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In this question I will write about a problem which seemingly crops up while proving that all Cauchy sequences are convergent.

Consider a Cauchy sequence. As it is a Cauchy sequence it must be a bounded one. As such by Bolzano Weierstrass theorem we can assert the existence of a sub sequence which is convergent. Let the sub sequence be converging to limit $l$. Now if the whole sequence is convergent it must converge to $l$.

For this to happen we must have a value of $n'$, corresponding to every positive value of $\varepsilon$, such that for all $n>n'$, $|x_n-l|<\varepsilon$.

Let $x_{n_k}$ denote the terms of the convergent sub sequence.

And as the sequence is Cauchy, for any given $\varepsilon$, we must have a value of $n_1$ such that for $m,n >n_1$

$$|x_m -x_n|<\varepsilon\tag1$$

$$\text{In particular we can replace $x_m$ by $x_{n_k}$ in (1)}\tag2$$

And hence we have

$$|x_n-l|=|x_n-x_{n_k}+x_{n_k}-l|<|x_n-x_{n_k}|+ |x_ {n_k}-l| <2\varepsilon.$$

Now put $\varepsilon= a/2$.

so we can guarantee the existence of a value of $n'$ such that for any given $a$ (changing the variable does not affect anything) $|x_n-l|<a$ for all $n>n'$.

So the sequence is convergent.

Now as we can see the main point of the proof is $(2)$. However, I feel a bit awkward to proceed through $(2)$ without having a proof that we can find $x_{n_k}$ beyond any given value of $n$, i.e. given any $n$ the set $P_{n_k} =\{ x_{n_k}\;\text{occurring after}\;x_n\}$ is non empty. I hope the members of this community would like to elaborate on this topic, throw some light on it and help me to resolve this problem. I may receive replies which may emphasize its obviousness but still then I don't feel it to be obvious and hence as per my views without the answer to this problem the proof lacks rigor.

Waiting for reply.

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I edited the answer, but cannot understand where the $(2)$ goes, so please complete the editing yourself. –  enzotib Oct 5 '12 at 17:19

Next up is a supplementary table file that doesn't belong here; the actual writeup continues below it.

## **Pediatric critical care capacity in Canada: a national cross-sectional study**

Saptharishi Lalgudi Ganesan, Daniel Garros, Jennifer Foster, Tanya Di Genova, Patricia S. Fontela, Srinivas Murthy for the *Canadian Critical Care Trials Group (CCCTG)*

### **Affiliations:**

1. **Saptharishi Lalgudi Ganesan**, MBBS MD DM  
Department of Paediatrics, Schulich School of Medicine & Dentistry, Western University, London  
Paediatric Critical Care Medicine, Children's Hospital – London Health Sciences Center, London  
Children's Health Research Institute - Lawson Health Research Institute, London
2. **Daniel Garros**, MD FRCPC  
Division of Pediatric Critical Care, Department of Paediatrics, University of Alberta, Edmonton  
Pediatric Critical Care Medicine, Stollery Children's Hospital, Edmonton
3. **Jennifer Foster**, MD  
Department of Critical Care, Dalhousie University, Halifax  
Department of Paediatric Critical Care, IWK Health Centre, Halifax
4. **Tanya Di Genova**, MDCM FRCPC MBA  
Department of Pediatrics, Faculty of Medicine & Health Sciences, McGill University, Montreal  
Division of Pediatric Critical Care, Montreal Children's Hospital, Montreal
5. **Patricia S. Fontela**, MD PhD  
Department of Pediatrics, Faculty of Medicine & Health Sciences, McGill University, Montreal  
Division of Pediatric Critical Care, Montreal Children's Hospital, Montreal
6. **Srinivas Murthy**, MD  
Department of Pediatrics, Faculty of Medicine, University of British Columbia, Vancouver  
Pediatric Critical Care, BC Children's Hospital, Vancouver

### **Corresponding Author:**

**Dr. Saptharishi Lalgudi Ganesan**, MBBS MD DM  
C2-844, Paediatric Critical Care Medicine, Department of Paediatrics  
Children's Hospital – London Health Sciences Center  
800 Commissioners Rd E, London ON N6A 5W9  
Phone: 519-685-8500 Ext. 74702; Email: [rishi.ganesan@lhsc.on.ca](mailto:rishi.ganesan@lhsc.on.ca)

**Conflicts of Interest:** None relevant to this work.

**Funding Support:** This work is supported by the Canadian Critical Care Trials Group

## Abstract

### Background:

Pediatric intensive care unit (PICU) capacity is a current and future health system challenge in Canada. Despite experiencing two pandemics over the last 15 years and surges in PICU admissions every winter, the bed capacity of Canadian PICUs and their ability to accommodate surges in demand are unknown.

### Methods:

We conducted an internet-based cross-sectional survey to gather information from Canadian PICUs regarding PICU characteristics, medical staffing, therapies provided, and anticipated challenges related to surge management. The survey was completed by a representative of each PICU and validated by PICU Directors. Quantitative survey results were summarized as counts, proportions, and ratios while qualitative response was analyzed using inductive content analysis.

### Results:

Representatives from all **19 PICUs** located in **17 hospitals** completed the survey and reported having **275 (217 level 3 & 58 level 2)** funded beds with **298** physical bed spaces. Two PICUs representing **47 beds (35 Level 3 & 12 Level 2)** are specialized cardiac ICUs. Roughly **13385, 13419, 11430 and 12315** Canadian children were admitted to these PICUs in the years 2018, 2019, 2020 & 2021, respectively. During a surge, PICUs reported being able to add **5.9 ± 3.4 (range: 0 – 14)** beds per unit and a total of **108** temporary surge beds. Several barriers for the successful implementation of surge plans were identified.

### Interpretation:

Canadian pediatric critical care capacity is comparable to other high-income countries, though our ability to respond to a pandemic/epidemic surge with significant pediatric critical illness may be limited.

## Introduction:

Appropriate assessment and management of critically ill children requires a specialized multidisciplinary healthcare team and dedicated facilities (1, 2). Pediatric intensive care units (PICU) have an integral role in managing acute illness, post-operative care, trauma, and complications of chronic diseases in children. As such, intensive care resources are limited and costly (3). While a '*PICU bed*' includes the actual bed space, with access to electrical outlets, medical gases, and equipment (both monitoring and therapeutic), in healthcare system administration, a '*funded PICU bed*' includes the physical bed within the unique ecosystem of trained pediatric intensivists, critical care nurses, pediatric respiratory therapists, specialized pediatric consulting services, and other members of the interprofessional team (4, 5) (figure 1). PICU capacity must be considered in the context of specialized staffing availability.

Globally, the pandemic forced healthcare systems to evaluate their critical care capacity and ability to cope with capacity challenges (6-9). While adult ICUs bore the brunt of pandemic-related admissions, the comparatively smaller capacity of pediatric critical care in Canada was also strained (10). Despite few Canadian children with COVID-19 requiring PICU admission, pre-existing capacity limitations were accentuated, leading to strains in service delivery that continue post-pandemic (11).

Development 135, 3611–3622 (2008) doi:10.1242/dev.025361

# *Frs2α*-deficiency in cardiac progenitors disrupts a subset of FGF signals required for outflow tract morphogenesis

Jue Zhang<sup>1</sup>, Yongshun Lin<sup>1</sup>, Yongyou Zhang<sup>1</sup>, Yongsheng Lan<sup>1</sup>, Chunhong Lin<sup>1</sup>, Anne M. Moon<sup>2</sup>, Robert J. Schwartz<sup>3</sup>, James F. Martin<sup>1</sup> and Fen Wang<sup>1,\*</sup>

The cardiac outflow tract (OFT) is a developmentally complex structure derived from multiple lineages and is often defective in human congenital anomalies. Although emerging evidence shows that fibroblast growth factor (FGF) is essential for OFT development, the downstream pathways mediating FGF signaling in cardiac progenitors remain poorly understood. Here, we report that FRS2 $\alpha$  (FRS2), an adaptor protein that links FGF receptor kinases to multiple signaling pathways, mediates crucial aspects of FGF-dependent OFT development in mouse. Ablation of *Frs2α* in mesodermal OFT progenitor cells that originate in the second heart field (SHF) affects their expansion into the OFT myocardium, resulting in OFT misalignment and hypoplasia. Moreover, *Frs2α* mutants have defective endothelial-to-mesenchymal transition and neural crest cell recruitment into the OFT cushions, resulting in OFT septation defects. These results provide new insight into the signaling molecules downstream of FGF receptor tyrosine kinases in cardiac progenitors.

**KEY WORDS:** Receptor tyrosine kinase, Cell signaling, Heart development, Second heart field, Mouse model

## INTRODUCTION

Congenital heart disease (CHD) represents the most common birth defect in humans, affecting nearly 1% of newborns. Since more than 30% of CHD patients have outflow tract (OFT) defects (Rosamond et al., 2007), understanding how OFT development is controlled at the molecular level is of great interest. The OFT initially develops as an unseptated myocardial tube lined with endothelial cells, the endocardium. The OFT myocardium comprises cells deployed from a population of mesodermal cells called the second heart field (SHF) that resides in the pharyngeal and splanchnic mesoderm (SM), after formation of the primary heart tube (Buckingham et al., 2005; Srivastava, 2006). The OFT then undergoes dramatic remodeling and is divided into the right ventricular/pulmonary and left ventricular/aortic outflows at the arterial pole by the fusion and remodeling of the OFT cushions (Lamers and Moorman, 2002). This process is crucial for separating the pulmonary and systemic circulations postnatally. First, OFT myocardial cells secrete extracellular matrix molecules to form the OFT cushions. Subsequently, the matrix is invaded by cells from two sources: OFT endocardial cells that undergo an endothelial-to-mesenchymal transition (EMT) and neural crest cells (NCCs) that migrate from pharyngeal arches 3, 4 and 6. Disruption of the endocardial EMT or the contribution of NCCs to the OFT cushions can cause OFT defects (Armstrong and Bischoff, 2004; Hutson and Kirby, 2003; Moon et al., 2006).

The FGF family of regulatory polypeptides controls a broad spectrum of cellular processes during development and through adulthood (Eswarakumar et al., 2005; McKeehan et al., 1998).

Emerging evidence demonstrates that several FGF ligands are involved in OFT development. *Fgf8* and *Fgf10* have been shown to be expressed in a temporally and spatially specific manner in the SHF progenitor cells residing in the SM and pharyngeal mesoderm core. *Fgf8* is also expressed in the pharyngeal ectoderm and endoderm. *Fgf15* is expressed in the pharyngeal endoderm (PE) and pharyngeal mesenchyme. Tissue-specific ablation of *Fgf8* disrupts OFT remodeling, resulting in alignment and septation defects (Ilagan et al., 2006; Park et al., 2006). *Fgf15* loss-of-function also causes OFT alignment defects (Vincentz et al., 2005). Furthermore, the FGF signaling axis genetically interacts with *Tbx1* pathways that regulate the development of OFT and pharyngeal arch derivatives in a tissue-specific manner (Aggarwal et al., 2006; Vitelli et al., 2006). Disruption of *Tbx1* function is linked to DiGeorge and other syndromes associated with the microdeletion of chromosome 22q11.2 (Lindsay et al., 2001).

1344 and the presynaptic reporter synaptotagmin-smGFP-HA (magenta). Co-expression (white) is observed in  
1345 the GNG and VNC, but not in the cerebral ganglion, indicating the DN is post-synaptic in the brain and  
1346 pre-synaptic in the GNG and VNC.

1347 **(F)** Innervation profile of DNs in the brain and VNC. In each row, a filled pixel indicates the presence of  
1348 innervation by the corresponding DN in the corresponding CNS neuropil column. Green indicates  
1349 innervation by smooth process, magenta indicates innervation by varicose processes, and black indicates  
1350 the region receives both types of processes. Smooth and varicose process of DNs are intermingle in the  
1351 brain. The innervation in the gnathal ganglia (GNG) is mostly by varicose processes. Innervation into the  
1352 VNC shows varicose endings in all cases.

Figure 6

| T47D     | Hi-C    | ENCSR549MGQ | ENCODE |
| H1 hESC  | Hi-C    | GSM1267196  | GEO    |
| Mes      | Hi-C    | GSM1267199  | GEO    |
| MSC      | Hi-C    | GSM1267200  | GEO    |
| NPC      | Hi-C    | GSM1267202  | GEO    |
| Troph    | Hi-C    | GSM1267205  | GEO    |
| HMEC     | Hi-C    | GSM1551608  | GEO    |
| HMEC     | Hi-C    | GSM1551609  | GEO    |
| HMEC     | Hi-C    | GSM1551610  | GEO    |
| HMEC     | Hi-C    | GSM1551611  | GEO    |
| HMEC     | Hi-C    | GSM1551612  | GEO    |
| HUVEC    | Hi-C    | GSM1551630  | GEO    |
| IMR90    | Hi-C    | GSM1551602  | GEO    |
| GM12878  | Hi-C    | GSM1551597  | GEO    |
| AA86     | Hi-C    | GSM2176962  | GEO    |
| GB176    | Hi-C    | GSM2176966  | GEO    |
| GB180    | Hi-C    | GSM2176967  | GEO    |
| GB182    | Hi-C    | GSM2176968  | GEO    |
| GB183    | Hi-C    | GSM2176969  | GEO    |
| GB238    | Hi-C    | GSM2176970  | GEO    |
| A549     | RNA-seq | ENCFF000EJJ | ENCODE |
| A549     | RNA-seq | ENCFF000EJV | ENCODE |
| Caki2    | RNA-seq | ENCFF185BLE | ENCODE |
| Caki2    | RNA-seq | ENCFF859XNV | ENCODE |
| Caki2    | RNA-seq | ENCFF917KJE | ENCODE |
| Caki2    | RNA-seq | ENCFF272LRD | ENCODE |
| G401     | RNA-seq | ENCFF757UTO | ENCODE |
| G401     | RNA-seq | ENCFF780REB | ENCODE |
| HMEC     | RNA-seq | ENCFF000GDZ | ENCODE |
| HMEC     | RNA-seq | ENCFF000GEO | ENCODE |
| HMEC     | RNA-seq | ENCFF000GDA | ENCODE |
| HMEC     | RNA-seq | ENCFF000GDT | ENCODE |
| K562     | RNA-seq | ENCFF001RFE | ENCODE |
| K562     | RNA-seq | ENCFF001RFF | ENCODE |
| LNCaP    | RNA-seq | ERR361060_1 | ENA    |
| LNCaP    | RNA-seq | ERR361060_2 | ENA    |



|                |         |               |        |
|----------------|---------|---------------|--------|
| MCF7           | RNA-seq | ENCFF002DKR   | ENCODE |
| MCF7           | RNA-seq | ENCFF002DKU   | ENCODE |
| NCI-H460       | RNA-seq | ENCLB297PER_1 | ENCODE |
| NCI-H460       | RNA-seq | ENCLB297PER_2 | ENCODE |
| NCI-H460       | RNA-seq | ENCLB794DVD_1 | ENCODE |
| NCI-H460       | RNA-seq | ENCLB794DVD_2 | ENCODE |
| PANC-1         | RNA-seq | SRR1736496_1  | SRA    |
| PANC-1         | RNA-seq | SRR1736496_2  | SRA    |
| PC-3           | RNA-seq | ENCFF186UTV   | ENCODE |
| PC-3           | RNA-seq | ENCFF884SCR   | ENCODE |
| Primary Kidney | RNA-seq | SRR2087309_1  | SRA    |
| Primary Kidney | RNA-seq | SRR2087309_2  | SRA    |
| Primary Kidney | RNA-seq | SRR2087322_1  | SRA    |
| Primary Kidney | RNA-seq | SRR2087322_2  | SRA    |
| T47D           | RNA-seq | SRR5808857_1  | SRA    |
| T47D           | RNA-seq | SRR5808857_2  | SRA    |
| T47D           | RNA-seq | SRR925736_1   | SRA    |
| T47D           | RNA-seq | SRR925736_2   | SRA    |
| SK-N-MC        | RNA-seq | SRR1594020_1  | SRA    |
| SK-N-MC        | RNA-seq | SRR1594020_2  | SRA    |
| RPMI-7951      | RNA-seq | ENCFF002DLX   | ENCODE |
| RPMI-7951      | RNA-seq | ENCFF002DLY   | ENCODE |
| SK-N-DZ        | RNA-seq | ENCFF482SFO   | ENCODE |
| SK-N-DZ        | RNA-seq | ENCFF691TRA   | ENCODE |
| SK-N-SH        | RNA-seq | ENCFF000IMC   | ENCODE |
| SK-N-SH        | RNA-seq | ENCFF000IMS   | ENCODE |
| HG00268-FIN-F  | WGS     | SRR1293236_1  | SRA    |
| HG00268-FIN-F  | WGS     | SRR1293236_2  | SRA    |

In particular we can replace x(m) by x(nk) in (1). This what I labelled as (2). –  Primeczar Oct 5 '12 at 17:37
    
do you mean all caucy sequences of reals are convergent? –  ryu jin Jan 10 '13 at 11:37

2 Answers 2

I'm not too sure exactly what you're asking here. Suppose you have a sequence $(a_n)_{n=1}^\infty$ with a subsequence $(a_{n_k})_{k=1}^\infty$. Then we must have for the subscripts $n_k \ge k$ (this shouldn't be too hard to see, if you want a fully rigorous explanation, consider an inductive proof). Because these are infinite sequences, both $n$ and $k$ are unbounded as indices. So given any $m$, there exists some $k > m$ which implies $n_k > m$.

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I hope you can prove that the terms of the sub sequence are well distributed throughout the sequence. –  Primeczar Oct 5 '12 at 17:12
    
What do you mean by "well distributed"? –  EuYu Oct 5 '12 at 17:13
    
that we can find X(nk) beyond any given value of n,i.e. given any n the set P(nk) ={ X(nk) occurring after X(n)} is non empty –  Primeczar Oct 5 '12 at 17:14
    
I have already shown that. There exists some $k$ larger than your $n$ by the Archimedean property of the naturals. And $n_k$ is larger than $k$. Therefore $x_{n_k}$ occurs after $x_n$. –  EuYu Oct 5 '12 at 17:16
    
If they were not "well distributed" they would all be below some $n$, i.e. it would only be a finite subsequence. –  Hagen von Eitzen Oct 5 '12 at 17:21

What you want is that $\{k_n:k_n \text{ occurring after } n\}$ is all of $\mathbb{N}$ and not $\{x_{k_n} \text{ occurring after } x_n\}$ is non empty. Also be careful that the subscript in $x_{k_n}$ is $n$ i.e. for each $n$ we get a natural number $k_n$ and an element of the sequence, namely $x_{k_n}$. Anyway, here is a proof.

First lets prove that if $k_n$ is a strictly increasing sequence of natural numbers then $k_n\geq n , \ \forall n \in \mathbb{N}.$
Indeed $k_1\geq 1$ and if $k_n\geq n$ then $k_{n+1}>k_n\geq n \Rightarrow k_{n+1}\geq n+1$.

Now let $\epsilon>0$.
Since $(x_n)_{n \in \mathbb{N}}$ is Cauchy exist $n_1$ such that $\forall m,n \geq n_1, \ |x_m-x_n|<\frac{\epsilon}{2}$.
Since $(x_{k_n})_{n \in \mathbb{N}}$ converges to $\ell$ exist $n_2$ such that $\forall n \geq n_2, \ |x_{k_n}-\ell|<\frac{\epsilon}{2}$.
If $n_0=\max\{n_1,n_2\}$ then $\forall n \geq n_0, \ |x_{k_n}-\ell|<\frac{\epsilon}{2} \text{ and } |x_{k_n}-x_n|<\frac{\epsilon}{2}$ (since $k_n\geq n \Rightarrow k_n,n \geq n_0\geq n_1$).

Therefore $\forall n \geq n_0, \ |x_{n}-\ell|=|x_{n}-x_{k_n}+x_{k_n}-\ell|\leq |x_{n}-x_{k_n}|+|x_{k_n}-\ell| < \epsilon $.
Hence $x_n \to \ell$.

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